We humans learn from our mistakes. If we didn’t, it would be more likely that one of them would kill us. This is why we tend to remember bad things more often than the good ones. The reason that I haven’t posted in a while is that my last essay was and is a flop. I don’t flatter myself, it was not a spectacular flop, just one that attempted to use descriptive prose where an illustration or two was needed.
What we learn from our mistakes varies. Too often, a social gaffe or an embarrassing situation “teaches” the unfortunate one to tuck an imaginary tail between the legs and avoid similar situations in the future. Many people in our society, from those found in the schoolyard to the boardroom, recognize the advantage gained by making us feel bad about ourselves. When we lose confidence, we slip downward in the unofficial, but very real pecking order that competitive humans work hard to establish. I am not suggesting that feeling shame is always inappropriate, but I do believe that creating disproportionate shame and embarrassment through the creation and maintenance of Victorian-like mores is nothing more than a mechanism of enslavement and control.
In contrast, a self-confident individual will learn a very different lesson from a mistake. Like a concert pianist, a confident person will use a mistake to point out an area that requires additional practice, work, or development. The self-confident person’s self image is not changed by the mistake because the self image already contained the known ability to make a mistake, and to make it without undue fear of consequences. To put it another way, to the self-confident, the consequences of a mistake exist only as logical outcomes of that mistake, and not as general consequences in some broader social matrix.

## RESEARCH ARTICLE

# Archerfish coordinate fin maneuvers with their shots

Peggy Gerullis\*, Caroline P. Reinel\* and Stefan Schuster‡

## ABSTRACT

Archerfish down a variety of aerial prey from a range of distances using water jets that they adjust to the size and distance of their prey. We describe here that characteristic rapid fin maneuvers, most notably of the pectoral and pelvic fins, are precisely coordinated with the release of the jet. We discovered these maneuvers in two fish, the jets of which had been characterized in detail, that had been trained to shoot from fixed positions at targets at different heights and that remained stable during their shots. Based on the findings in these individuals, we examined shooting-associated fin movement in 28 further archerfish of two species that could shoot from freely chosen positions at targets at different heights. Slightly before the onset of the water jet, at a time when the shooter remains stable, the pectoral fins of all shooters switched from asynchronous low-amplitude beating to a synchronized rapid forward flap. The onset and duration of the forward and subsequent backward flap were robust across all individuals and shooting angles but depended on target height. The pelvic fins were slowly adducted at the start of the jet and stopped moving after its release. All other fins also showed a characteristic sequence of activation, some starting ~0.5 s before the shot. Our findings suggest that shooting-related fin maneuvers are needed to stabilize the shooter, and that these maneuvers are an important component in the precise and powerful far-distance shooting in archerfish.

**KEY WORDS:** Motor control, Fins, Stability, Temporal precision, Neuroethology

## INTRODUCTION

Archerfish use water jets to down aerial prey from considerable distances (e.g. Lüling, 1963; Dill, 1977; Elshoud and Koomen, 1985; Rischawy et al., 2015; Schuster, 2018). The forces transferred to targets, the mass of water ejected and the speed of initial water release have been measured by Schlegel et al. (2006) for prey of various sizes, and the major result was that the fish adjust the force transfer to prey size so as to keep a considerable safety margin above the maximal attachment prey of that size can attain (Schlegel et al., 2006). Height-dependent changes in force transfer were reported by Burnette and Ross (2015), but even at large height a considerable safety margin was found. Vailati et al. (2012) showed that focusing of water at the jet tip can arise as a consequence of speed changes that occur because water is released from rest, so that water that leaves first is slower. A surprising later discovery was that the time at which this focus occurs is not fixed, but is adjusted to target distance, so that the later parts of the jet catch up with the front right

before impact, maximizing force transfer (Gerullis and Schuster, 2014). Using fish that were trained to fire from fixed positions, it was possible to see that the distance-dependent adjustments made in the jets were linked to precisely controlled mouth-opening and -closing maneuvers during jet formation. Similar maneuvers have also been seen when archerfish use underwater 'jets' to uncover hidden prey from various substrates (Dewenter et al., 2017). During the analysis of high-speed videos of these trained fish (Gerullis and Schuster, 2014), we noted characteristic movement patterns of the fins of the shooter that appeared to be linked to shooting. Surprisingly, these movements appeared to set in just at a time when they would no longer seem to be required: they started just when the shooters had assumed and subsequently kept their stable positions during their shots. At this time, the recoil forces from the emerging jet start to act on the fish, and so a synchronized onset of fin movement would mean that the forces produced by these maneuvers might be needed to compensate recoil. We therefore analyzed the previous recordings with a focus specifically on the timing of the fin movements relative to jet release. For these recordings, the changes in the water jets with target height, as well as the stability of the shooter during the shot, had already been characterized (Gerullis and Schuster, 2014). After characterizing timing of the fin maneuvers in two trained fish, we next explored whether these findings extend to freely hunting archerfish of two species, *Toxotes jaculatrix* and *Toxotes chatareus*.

The confusion of ideas that exists for the person that lacks confidence, is that society is judging that person for the betterment of that individual. If a person or group is actually making you feel bad about yourself over a simple human failing, they are doing it to impress upon you their own superiority. When seen from a broader perspective than one’s own embarrassment, this alleged superiority is momentary at best, and lacking in empathy and compassion. Of course, we are our own harshest critic, and often are not being actually judged at all. We learned that behavior from somewhere, however.
I am not sure what lesson I will ultimately take away from my mess of an essay. Either I will rework it into something presentable, or I will use it to recognize the same trap the next time I start to write it out. Perhaps I will do both. I’m just glad for the moment that I have learned to stop kicking myself over things like this; doing that tends to be a dismotivator.